Spitz originally thought he would cover the whole country, but whittled down his scope to the Greater Los Angeles area after realizing that our region has more than enough shops to fill a book. “On a weekend, I would shoot two or three stores,” he says.
Villaneda probed the owners, to see what makes them tick. She says the conversations “turned into something deeper and more meaningful when we started to interview these older cats, like Music Man Murray, who is no longer with us. He was in the game for so long. Something like 30-plus years.” She even uncovered some truly odd stories, like a love triangle that emerged over the years among the owners of Norwalk Records.
The Record Store Book is a subjective survey of Southern California vinyl culture; Spitz focused on his favorite stores and deliberately omitted a few popular landmarks, such as Long Beach's Fingerprints and Echo Park's Origami Vinyl, in favor of stores that are more off the beaten path. He also steered clear of anyplace where T-shirts and tchotchkes took up as much floor space as the vinyl. “They do it because they have to survive, so there's an upside to that, but there's also a downside,” he explains. “It took away from the authenticity of the store.”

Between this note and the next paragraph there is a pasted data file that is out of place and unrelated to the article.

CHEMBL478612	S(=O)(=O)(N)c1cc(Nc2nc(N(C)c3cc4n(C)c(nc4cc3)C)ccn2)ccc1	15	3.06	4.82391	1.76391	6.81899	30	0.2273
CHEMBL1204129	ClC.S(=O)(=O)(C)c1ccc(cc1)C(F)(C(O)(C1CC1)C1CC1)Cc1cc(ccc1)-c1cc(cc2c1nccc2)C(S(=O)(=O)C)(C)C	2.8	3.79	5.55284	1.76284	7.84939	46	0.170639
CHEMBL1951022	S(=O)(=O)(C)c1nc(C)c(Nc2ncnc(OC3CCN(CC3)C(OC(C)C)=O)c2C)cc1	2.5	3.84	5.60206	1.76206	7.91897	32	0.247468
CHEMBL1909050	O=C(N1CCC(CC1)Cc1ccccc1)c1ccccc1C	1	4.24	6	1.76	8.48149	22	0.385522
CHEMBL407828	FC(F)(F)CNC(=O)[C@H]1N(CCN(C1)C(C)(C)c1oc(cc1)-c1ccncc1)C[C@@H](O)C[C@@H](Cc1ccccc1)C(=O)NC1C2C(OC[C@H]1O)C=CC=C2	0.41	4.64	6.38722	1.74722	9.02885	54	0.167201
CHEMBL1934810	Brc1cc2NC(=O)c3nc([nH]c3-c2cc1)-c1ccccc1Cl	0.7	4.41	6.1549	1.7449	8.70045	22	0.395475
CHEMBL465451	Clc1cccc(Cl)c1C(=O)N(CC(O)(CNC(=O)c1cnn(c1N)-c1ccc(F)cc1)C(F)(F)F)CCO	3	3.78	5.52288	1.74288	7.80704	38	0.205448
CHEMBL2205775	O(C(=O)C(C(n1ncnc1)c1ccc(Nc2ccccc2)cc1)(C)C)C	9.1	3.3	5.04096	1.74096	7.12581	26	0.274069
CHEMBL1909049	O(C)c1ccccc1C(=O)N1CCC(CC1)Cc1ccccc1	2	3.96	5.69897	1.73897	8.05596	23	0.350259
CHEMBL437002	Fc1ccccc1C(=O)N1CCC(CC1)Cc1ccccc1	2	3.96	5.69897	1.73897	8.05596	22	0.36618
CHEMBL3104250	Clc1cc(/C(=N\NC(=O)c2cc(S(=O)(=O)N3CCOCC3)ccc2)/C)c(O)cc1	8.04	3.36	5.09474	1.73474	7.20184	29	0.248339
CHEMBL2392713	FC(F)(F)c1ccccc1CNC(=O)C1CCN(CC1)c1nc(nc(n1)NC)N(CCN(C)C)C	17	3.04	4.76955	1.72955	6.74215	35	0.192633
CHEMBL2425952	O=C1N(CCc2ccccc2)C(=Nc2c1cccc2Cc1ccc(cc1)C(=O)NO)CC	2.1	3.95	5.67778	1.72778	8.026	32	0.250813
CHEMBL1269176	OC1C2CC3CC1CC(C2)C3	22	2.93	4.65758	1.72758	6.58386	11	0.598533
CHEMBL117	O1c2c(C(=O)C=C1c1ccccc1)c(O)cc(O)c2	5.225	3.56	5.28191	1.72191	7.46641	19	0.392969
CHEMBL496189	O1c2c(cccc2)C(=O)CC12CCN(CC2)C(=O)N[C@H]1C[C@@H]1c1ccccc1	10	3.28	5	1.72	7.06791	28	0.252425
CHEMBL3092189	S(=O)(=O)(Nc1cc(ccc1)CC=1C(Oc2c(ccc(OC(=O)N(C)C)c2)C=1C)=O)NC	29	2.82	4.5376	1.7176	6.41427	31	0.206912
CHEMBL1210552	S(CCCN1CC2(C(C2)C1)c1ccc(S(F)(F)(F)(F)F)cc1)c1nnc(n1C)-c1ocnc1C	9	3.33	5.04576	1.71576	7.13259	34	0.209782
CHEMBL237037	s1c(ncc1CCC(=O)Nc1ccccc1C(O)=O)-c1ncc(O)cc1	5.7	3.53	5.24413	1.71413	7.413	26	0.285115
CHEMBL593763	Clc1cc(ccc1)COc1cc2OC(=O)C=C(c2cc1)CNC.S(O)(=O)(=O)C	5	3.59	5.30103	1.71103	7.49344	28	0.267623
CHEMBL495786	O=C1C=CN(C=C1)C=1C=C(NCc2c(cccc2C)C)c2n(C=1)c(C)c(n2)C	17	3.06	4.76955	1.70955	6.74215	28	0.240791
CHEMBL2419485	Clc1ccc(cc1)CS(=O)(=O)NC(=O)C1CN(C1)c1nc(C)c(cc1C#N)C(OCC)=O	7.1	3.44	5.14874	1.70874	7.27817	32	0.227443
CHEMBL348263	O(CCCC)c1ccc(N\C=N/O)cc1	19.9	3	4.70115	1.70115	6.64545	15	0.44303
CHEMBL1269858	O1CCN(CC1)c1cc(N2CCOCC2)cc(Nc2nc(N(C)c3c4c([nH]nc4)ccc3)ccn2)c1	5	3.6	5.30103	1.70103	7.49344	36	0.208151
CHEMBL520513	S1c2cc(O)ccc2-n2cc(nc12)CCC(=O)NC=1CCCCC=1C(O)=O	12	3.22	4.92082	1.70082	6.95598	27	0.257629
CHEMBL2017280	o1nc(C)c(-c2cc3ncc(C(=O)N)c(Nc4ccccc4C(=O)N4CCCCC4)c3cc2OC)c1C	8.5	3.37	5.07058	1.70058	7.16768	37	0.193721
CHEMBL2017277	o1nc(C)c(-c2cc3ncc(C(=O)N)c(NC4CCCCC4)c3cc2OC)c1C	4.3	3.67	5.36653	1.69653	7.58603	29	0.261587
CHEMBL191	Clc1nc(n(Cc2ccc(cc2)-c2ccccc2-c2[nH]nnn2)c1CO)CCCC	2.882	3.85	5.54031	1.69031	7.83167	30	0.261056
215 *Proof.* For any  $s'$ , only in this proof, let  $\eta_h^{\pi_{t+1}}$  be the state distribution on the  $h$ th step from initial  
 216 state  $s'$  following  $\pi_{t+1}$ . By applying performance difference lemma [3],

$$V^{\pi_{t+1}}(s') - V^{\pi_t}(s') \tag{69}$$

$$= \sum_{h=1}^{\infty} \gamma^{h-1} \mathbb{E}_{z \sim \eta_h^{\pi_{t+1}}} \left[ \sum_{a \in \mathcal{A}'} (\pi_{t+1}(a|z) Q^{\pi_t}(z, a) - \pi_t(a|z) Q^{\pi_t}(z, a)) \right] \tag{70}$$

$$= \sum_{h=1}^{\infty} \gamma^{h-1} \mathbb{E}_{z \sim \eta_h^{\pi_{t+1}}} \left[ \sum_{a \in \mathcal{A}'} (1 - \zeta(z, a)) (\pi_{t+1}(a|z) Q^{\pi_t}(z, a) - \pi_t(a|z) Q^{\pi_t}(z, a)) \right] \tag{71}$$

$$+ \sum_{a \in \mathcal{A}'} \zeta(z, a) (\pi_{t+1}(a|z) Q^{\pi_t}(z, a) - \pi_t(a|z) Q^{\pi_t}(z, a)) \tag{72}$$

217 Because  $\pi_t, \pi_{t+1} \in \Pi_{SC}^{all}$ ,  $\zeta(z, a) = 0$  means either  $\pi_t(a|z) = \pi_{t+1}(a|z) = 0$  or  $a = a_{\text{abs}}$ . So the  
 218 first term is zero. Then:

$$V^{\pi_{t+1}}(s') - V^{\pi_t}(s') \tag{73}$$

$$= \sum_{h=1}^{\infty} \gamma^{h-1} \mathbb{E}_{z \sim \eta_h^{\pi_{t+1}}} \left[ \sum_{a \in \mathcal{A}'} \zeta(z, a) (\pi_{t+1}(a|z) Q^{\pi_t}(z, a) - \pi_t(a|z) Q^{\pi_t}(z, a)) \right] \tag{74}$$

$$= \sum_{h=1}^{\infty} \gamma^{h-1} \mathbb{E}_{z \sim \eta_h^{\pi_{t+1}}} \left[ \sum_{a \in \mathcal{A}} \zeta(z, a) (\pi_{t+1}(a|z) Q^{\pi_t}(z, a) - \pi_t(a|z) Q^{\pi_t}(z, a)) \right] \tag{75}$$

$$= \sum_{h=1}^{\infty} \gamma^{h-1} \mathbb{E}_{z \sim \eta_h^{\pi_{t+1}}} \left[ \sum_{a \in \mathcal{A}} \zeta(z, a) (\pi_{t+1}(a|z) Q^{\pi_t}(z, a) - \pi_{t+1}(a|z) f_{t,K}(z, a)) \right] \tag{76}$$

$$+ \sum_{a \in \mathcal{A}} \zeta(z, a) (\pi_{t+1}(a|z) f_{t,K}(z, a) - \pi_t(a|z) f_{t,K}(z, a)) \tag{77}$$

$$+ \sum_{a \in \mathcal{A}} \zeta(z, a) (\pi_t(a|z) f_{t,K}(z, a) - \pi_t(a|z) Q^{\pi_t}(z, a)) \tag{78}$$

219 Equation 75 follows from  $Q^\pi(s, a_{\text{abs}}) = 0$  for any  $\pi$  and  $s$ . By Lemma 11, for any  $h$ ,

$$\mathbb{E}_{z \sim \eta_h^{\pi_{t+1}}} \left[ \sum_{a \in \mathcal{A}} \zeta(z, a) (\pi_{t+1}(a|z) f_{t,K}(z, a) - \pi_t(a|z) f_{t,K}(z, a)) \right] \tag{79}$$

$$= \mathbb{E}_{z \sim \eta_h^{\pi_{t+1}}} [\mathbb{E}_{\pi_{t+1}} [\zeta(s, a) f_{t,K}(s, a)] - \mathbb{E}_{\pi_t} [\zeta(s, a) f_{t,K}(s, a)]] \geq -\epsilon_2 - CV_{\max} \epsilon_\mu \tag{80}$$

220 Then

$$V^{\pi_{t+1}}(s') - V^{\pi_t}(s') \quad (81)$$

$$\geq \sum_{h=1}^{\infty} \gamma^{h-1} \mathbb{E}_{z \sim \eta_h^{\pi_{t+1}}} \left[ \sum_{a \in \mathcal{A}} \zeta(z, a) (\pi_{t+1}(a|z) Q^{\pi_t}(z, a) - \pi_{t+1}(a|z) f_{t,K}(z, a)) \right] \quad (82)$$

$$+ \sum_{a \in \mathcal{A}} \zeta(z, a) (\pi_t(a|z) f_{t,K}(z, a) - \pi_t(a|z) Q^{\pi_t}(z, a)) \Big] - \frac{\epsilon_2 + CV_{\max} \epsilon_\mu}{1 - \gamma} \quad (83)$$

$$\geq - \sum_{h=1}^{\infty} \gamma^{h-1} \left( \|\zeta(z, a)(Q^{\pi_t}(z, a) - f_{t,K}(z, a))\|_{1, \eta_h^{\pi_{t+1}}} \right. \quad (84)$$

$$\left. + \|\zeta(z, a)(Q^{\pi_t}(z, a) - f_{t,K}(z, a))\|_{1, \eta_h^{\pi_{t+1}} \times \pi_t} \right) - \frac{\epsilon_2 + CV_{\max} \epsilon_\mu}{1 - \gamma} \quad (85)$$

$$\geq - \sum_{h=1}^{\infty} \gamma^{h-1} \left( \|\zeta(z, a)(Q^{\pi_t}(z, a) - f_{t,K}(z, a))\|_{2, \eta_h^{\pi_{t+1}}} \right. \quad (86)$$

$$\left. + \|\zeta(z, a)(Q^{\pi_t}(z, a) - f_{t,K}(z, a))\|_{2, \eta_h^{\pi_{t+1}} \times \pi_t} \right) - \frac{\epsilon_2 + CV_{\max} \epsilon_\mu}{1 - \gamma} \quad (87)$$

Spitz fears that the current vinyl resurgence may yet prove to be an empty trend. “I just feel like my generation is more authentic. I feel more connected with those kinds of people. They're not riding a trend; they are there because they appreciate records. They want to find something. They're serious about it. They don't care if it's going to be a trend in two years.”
Longtime Origami employee Emily Twombly disagrees with that sentiment. She sees shops like hers as a way to continue a different tradition inherent in record-store culture — that of serving as tastemaker and supporting local bands.
“There are a ton of local bands here. And in this certain scene, vinyl is part of that,” she explains between fielding calls at the shop. “When we were growing up, to find out about new bands, we had to read zines, we had to go to shows, we had to be active about talking about music with other people and sharing music with other people physically, and not just MP3s. You had to invite your friend over to listen to a record.”
She continues, “Now, kids can just access this shit so easily — which is why a new record store like ours is important. If people will utilize our resources, we're essentially doing the same thing we had when we were growing up: [providing] a hub.”